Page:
The enigmatic music of Philip Glass’ Satya Graha 5 was reflected with energy and intensity in Trust, choreographed by De Leon.  A chic and sophisticated style was expressed with an exuberant joie de vivre, with a more dramatic interpretation evident during the soprano vocal section of the music.  Movement motifs were interestingly developed throughout this well-structured piece, to express the changing moods of the music.  A particular highlight was when van Houten took De Leon into a high lift with arms and legs forming strong "V" shapes whilst turning.    The transitions from floor movements to intertwined shapes and on into soaring lifts, and vice versa, were performed with ease and the confidence which comes from total trust in and support of each other.  The sudden movement into the final pose made a last statement of ‘trust’ as De Leon thrust herself backwards to arrive on van Houten’s shoulder as if blown there by a summer breeze.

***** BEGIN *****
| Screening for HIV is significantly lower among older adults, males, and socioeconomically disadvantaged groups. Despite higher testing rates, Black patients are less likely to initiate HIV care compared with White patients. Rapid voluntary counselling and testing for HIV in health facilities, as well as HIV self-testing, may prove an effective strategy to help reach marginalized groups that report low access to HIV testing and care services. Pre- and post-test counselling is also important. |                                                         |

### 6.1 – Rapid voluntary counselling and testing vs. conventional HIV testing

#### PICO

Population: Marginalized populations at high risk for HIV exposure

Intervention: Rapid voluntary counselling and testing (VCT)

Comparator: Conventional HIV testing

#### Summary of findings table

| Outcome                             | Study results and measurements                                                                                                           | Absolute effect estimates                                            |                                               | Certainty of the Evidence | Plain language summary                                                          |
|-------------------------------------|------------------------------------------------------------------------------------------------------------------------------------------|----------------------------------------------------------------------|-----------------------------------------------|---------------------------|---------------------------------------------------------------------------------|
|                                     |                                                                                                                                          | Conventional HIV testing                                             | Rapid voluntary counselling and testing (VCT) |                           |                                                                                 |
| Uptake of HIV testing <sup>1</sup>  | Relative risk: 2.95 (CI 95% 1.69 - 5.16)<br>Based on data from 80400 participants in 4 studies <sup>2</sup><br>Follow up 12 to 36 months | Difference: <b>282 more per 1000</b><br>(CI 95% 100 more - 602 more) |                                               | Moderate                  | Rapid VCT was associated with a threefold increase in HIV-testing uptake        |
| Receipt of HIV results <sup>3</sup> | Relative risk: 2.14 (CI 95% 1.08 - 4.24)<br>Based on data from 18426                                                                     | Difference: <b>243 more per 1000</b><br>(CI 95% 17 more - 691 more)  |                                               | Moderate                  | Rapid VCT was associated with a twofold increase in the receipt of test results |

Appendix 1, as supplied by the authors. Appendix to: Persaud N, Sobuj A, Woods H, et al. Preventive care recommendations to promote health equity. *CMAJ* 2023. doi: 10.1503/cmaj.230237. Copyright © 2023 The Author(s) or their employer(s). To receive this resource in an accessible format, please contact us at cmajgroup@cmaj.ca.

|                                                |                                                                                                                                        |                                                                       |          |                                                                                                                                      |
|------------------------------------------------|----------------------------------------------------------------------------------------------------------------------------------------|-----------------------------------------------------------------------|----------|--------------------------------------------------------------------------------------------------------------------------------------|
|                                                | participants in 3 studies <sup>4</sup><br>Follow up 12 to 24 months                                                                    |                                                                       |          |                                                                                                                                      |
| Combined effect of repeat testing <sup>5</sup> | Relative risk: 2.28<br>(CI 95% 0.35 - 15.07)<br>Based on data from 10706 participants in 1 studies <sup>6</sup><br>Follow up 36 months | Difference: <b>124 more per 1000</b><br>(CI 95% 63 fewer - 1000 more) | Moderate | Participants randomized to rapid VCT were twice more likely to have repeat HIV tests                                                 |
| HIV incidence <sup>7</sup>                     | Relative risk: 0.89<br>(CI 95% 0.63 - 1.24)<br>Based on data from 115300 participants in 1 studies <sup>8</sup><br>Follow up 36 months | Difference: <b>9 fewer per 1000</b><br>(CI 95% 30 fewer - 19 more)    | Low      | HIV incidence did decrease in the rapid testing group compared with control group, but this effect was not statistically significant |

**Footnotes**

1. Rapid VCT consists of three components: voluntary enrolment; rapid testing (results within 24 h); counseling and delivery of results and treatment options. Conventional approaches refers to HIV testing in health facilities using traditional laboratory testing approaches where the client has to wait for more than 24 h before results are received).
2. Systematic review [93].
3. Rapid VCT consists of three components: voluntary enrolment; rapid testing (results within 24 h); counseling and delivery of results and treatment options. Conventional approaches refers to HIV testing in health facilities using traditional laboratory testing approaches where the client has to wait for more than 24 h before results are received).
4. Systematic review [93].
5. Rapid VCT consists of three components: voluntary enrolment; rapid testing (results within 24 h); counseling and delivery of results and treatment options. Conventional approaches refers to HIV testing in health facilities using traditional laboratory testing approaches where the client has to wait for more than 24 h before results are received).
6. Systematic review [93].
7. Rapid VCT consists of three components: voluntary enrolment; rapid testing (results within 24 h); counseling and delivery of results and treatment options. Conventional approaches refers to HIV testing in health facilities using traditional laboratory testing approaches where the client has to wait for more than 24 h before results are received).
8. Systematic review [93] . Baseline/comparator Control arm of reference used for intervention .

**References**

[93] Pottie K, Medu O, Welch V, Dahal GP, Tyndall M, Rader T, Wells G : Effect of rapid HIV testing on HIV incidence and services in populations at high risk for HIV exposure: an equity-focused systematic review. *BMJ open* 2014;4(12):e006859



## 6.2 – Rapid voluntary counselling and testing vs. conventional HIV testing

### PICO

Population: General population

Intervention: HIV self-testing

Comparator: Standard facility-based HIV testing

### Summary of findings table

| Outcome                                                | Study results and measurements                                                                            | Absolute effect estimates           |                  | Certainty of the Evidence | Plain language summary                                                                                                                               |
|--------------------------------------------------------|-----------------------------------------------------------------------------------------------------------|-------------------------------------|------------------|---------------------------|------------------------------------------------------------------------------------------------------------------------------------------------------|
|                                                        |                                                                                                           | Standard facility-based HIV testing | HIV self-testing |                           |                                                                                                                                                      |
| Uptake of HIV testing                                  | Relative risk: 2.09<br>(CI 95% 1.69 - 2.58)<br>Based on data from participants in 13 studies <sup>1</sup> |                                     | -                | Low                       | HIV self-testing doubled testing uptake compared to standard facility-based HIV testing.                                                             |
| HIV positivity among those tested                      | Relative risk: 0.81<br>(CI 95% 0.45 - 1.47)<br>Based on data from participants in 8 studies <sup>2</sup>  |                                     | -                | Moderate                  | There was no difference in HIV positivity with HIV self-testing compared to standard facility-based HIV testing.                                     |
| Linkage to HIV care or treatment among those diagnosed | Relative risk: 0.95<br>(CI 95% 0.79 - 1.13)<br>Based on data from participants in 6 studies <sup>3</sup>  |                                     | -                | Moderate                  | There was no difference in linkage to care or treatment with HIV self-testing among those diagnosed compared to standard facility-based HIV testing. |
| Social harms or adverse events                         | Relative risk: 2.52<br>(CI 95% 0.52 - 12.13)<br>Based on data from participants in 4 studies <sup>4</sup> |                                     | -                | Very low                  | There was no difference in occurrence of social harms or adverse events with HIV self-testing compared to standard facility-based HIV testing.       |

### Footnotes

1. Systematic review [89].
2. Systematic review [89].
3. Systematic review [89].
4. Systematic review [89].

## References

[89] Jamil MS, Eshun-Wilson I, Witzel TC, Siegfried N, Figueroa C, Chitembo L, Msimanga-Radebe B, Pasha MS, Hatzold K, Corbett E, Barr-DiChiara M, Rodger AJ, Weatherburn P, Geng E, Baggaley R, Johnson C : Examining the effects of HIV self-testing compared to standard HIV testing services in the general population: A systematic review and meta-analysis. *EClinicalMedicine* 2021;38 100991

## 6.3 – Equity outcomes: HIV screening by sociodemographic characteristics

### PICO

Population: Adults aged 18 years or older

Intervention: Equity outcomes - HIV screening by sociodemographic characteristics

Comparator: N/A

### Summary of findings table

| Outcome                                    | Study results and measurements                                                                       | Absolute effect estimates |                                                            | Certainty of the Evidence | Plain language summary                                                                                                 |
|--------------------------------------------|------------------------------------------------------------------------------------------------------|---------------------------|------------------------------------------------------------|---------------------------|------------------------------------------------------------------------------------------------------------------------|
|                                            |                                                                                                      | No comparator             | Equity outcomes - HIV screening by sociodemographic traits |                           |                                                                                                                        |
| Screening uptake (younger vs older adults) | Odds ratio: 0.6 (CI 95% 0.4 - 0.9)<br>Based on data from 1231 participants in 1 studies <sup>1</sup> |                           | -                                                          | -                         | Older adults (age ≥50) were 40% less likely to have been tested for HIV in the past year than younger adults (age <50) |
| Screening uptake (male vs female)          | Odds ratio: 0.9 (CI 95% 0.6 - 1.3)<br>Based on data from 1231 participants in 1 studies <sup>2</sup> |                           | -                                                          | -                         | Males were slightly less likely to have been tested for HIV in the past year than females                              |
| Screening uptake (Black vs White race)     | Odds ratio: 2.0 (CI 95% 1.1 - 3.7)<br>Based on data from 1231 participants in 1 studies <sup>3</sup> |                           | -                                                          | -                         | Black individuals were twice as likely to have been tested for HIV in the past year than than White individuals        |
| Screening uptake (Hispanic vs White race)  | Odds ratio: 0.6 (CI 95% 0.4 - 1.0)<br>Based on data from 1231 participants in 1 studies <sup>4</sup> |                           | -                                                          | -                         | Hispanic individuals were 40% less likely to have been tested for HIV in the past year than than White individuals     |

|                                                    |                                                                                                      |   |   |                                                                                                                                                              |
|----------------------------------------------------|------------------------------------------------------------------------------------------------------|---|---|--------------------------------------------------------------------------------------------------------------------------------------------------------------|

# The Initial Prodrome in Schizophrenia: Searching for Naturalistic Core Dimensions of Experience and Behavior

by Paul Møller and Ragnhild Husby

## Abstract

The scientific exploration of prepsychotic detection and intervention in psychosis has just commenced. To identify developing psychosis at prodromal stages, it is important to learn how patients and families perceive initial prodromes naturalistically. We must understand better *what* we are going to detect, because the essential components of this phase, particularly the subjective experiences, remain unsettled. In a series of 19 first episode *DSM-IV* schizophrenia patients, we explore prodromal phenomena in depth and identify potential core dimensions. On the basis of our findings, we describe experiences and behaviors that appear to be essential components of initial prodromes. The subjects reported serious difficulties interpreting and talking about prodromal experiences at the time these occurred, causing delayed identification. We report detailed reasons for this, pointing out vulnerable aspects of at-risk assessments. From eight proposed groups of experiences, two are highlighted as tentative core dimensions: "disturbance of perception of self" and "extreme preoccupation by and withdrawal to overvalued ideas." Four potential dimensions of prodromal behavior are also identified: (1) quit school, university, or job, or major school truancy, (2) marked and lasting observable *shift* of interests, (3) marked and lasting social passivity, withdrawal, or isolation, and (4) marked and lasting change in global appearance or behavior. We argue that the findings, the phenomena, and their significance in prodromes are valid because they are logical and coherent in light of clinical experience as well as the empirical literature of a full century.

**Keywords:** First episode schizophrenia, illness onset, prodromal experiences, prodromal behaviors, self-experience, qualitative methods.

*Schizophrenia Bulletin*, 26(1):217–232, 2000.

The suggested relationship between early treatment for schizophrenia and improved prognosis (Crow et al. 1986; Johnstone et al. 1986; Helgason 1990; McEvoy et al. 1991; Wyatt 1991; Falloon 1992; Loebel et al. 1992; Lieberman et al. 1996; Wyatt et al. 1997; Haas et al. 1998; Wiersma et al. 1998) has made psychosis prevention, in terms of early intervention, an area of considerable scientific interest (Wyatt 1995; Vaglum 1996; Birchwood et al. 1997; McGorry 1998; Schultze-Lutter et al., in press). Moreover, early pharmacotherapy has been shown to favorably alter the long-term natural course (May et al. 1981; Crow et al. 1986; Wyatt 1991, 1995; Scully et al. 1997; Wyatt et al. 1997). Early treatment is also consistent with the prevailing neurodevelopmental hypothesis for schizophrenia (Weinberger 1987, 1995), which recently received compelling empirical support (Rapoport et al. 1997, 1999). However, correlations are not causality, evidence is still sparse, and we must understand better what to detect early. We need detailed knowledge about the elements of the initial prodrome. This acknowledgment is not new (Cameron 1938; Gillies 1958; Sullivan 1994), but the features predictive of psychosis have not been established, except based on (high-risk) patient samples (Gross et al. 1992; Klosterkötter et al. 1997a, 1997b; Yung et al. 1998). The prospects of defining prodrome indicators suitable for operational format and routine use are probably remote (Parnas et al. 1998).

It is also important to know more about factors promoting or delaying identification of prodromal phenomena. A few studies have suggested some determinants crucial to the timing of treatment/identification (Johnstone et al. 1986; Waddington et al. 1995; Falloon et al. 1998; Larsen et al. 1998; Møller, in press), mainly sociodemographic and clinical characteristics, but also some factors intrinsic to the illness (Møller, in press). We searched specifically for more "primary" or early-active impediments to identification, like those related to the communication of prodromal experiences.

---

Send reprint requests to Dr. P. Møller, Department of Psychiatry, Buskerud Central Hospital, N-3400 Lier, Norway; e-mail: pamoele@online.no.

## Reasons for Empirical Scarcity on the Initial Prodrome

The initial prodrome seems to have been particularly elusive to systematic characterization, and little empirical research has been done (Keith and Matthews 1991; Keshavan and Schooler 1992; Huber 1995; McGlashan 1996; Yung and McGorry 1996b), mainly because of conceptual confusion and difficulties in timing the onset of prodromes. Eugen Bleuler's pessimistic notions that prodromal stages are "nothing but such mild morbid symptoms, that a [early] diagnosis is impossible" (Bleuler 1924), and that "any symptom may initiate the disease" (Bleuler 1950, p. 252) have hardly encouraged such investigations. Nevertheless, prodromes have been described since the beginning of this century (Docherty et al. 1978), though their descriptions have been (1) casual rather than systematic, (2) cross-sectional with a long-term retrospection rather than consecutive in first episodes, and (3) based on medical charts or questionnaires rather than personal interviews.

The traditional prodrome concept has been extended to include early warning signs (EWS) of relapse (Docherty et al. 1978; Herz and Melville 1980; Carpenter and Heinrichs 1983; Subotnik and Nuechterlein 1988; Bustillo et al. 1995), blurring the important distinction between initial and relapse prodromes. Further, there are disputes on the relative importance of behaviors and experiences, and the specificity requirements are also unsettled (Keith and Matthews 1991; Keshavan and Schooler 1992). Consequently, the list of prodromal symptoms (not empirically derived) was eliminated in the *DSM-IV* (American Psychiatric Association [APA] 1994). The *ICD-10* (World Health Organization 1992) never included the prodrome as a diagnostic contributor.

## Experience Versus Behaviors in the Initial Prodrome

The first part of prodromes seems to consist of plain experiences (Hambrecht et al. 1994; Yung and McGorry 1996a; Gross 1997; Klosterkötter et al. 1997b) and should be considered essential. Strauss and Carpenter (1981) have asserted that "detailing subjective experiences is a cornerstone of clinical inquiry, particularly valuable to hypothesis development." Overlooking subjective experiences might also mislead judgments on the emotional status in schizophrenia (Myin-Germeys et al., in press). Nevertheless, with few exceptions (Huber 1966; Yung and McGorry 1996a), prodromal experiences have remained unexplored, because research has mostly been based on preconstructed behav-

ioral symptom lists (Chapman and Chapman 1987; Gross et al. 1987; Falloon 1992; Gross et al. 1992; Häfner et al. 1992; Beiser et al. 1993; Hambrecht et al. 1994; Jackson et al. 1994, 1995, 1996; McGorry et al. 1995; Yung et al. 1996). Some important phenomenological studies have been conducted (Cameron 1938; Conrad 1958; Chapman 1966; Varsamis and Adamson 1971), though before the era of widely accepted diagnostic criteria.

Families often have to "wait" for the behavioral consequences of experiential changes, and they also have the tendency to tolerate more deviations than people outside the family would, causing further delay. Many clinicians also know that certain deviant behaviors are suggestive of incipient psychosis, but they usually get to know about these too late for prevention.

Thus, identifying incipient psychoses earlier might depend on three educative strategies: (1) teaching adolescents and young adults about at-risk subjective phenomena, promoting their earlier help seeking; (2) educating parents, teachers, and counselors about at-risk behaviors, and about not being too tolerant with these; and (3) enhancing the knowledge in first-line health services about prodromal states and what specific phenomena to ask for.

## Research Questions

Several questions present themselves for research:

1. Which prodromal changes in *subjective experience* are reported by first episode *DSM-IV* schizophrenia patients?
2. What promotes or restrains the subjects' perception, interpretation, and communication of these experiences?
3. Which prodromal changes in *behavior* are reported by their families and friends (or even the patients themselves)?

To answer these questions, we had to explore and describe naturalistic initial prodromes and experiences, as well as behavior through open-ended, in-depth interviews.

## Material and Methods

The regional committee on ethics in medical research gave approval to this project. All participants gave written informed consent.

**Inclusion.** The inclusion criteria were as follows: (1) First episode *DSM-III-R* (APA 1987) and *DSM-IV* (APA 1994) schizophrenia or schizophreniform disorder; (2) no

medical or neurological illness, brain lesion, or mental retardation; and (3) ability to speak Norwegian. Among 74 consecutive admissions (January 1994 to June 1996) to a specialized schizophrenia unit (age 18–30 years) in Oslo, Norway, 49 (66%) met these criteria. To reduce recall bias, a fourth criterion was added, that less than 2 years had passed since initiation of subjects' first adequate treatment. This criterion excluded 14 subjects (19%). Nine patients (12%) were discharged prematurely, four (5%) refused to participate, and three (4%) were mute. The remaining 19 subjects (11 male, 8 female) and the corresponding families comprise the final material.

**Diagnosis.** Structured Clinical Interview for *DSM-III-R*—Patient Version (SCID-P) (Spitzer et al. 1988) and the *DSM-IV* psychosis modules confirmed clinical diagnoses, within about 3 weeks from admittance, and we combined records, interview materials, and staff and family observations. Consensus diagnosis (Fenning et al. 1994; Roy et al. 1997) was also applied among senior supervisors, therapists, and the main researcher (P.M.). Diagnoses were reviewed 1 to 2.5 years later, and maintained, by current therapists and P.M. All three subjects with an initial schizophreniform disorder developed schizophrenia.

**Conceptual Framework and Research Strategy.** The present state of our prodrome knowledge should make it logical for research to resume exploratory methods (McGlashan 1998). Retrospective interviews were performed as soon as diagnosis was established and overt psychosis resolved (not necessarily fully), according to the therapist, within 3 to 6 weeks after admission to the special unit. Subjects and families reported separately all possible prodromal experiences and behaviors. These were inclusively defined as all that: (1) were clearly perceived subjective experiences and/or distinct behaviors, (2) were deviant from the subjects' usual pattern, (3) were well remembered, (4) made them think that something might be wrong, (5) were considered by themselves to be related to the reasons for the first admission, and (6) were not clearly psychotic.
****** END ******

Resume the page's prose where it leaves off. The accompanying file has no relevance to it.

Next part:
The final dance work, Soul, was choreographed by De Leon to music by Brett Dean.  The serene atmosphere created by the music melded fully with the calm amplitude of the choreography.  The costuming of simple, pure white dance practice clothes was entirely appropriate and emphasized the outlines of the dancers’ bodies within the many intricate yet elegant combined shapes of fluid movement.  Smooth, flowing control and apparent effortlessness (despite the significant physical challenges of the choreography) gave a languid quality to this piece, one body moulding to the contours of the other, with subtle changes of shape and dynamic accent of one body providing momentum and motivation for the sinuous movement of the other.  The intensely close body contact sections were linked by sequences which created a reluctant distance between the dancers, who were then drawn inexorably together again.  This theme of drawing very close, then pulling away could be interpreted by the audience in relation to a number of personal experiences and beliefs.